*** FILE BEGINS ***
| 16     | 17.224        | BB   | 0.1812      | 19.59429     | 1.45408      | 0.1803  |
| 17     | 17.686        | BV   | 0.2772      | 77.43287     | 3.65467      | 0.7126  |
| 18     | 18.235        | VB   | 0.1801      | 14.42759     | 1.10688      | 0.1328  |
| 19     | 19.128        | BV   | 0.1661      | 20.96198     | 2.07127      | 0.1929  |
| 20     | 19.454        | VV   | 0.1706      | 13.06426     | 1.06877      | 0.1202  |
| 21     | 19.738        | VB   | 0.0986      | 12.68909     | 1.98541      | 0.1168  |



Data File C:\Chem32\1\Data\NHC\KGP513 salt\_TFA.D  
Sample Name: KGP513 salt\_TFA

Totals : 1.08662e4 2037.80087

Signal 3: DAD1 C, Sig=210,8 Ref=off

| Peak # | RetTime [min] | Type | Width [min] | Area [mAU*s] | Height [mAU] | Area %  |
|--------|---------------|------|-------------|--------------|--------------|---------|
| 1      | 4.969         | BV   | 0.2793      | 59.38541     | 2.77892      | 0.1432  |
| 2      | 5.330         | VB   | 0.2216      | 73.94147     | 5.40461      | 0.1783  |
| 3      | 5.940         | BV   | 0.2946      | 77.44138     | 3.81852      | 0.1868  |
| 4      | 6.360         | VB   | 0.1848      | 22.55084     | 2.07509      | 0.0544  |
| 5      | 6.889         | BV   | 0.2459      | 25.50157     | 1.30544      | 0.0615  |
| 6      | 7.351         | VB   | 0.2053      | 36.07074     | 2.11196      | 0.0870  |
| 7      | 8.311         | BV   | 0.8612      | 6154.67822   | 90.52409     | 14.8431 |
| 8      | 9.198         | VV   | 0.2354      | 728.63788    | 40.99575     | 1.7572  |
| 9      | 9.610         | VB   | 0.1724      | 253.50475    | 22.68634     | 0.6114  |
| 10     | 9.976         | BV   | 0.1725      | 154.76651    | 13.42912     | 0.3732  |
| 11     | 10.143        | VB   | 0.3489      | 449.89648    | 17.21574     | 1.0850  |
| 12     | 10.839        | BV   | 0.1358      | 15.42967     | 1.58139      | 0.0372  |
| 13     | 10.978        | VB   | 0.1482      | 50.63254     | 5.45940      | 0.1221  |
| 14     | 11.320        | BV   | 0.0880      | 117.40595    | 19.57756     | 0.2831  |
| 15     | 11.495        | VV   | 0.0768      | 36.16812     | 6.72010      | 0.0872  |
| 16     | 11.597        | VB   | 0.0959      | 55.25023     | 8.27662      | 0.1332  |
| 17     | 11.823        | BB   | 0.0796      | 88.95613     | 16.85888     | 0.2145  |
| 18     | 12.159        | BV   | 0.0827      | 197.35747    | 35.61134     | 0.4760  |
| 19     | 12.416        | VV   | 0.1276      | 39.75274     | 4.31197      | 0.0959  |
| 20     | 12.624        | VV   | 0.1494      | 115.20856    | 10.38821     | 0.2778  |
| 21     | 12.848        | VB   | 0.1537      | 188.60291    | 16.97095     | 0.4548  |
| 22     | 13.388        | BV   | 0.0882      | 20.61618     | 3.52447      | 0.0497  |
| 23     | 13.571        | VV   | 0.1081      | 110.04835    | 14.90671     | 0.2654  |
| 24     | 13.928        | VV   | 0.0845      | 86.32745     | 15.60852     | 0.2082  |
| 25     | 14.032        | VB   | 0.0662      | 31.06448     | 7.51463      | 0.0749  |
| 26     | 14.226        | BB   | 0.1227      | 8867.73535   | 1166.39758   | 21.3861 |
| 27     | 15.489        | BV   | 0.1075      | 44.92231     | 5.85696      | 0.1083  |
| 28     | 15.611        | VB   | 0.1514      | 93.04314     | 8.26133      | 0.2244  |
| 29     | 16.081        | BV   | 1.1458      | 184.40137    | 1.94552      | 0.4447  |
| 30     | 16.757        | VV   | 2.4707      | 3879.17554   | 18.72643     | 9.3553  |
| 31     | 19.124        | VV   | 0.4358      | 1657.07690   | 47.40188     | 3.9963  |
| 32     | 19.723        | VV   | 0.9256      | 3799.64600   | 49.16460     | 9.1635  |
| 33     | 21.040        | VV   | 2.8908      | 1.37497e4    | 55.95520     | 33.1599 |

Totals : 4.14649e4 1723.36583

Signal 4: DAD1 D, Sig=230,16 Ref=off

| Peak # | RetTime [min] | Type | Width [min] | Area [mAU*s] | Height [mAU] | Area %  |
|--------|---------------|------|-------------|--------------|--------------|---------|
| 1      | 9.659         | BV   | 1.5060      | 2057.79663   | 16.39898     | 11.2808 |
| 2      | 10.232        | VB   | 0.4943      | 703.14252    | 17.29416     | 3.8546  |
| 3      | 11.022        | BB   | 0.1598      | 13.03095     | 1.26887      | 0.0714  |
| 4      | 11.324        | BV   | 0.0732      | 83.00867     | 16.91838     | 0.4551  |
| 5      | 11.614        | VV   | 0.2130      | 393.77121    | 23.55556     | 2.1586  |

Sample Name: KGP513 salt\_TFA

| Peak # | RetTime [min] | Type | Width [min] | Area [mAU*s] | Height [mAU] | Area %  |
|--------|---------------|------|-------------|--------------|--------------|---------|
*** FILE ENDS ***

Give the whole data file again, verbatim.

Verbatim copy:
| 16     | 17.224        | BB   | 0.1812      | 19.59429     | 1.45408      | 0.1803  |
| 17     | 17.686        | BV   | 0.2772      | 77.43287     | 3.65467      | 0.7126  |
| 18     | 18.235        | VB   | 0.1801      | 14.42759     | 1.10688      | 0.1328  |
| 19     | 19.128        | BV   | 0.1661      | 20.96198     | 2.07127      | 0.1929  |
| 20     | 19.454        | VV   | 0.1706      | 13.06426     | 1.06877      | 0.1202  |
| 21     | 19.738        | VB   | 0.0986      | 12.68909     | 1.98541      | 0.1168  |



Data File C:\Chem32\1\Data\NHC\KGP513 salt\_TFA.D  
Sample Name: KGP513 salt\_TFA

Totals : 1.08662e4 2037.80087

Signal 3: DAD1 C, Sig=210,8 Ref=off

| Peak # | RetTime [min] | Type | Width [min] | Area [mAU*s] | Height [mAU] | Area %  |
|--------|---------------|------|-------------|--------------|--------------|---------|
| 1      | 4.969         | BV   | 0.2793      | 59.38541     | 2.77892      | 0.1432  |
| 2      | 5.330         | VB   | 0.2216      | 73.94147     | 5.40461      | 0.1783  |
| 3      | 5.940         | BV   | 0.2946      | 77.44138     | 3.81852      | 0.1868  |
| 4      | 6.360         | VB   | 0.1848      | 22.55084     | 2.07509      | 0.0544  |
| 5      | 6.889         | BV   | 0.2459      | 25.50157     | 1.30544      | 0.0615  |
| 6      | 7.351         | VB   | 0.2053      | 36.07074     | 2.11196      | 0.0870  |
| 7      | 8.311         | BV   | 0.8612      | 6154.67822   | 90.52409     | 14.8431 |
| 8      | 9.198         | VV   | 0.2354      | 728.63788    | 40.99575     | 1.7572  |
| 9      | 9.610         | VB   | 0.1724      | 253.50475    | 22.68634     | 0.6114  |
| 10     | 9.976         | BV   | 0.1725      | 154.76651    | 13.42912     | 0.3732  |
| 11     | 10.143        | VB   | 0.3489      | 449.89648    | 17.21574     | 1.0850  |
| 12     | 10.839        | BV   | 0.1358      | 15.42967     | 1.58139      | 0.0372  |
| 13     | 10.978        | VB   | 0.1482      | 50.63254     | 5.45940      | 0.1221  |
| 14     | 11.320        | BV   | 0.0880      | 117.40595    | 19.57756     | 0.2831  |
| 15     | 11.495        | VV   | 0.0768      | 36.16812     | 6.72010      | 0.0872  |
| 16     | 11.597        | VB   | 0.0959      | 55.25023     | 8.27662      | 0.1332  |
| 17     | 11.823        | BB   | 0.0796      | 88.95613     | 16.85888     | 0.2145  |
| 18     | 12.159        | BV   | 0.0827      | 197.35747    | 35.61134     | 0.4760  |
| 19     | 12.416        | VV   | 0.1276      | 39.75274     | 4.31197      | 0.0959  |
| 20     | 12.624        | VV   | 0.1494      | 115.20856    | 10.38821     | 0.2778  |
| 21     | 12.848        | VB   | 0.1537      | 188.60291    | 16.97095     | 0.4548  |
| 22     | 13.388        | BV   | 0.0882      | 20.61618     | 3.52447      | 0.0497  |
| 23     | 13.571        | VV   | 0.1081      | 110.04835    | 14.90671     | 0.2654  |
| 24     | 13.928        | VV   | 0.0845      | 86.32745     | 15.60852     | 0.2082  |
| 25     | 14.032        | VB   | 0.0662      | 31.06448     | 7.51463      | 0.0749  |
| 26     | 14.226        | BB   | 0.1227      | 8867.73535   | 1166.39758   | 21.3861 |
| 27     | 15.489        | BV   | 0.1075      | 44.92231     | 5.85696      | 0.1083  |
| 28     | 15.611        | VB   | 0.1514      | 93.04314     | 8.26133      | 0.2244  |
| 29     | 16.081        | BV   | 1.1458      | 184.40137    | 1.94552      | 0.4447  |
| 30     | 16.757        | VV   | 2.4707      | 3879.17554   | 18.72643     | 9.3553  |
| 31     | 19.124        | VV   | 0.4358      | 1657.07690   | 47.40188     | 3.9963  |
| 32     | 19.723        | VV   | 0.9256      | 3799.64600   | 49.16460     | 9.1635  |
| 33     | 21.040        | VV   | 2.8908      | 1.37497e4    | 55.95520     | 33.1599 |

Totals : 4.14649e4 1723.36583

Signal 4: DAD1 D, Sig=230,16 Ref=off

| Peak # | RetTime [min] | Type | Width [min] | Area [mAU*s] | Height [mAU] | Area %  |
|--------|---------------|------|-------------|--------------|--------------|---------|
| 1      | 9.659         | BV   | 1.5060      | 2057.79663   | 16.39898     | 11.2808 |
| 2      | 10.232        | VB   | 0.4943      | 703.14252    | 17.29416     | 3.8546  |
| 3      | 11.022        | BB   | 0.1598      | 13.03095     | 1.26887      | 0.0714  |
| 4      | 11.324        | BV   | 0.0732      | 83.00867     | 16.91838     | 0.4551  |
| 5      | 11.614        | VV   | 0.2130      | 393.77121    | 23.55556     | 2.1586  |

Sample Name: KGP513 salt\_TFA

| Peak # | RetTime [min] | Type | Width [min] | Area [mAU*s] | Height [mAU] | Area %  |
|--------|---------------|------|-------------|--------------|--------------|---------|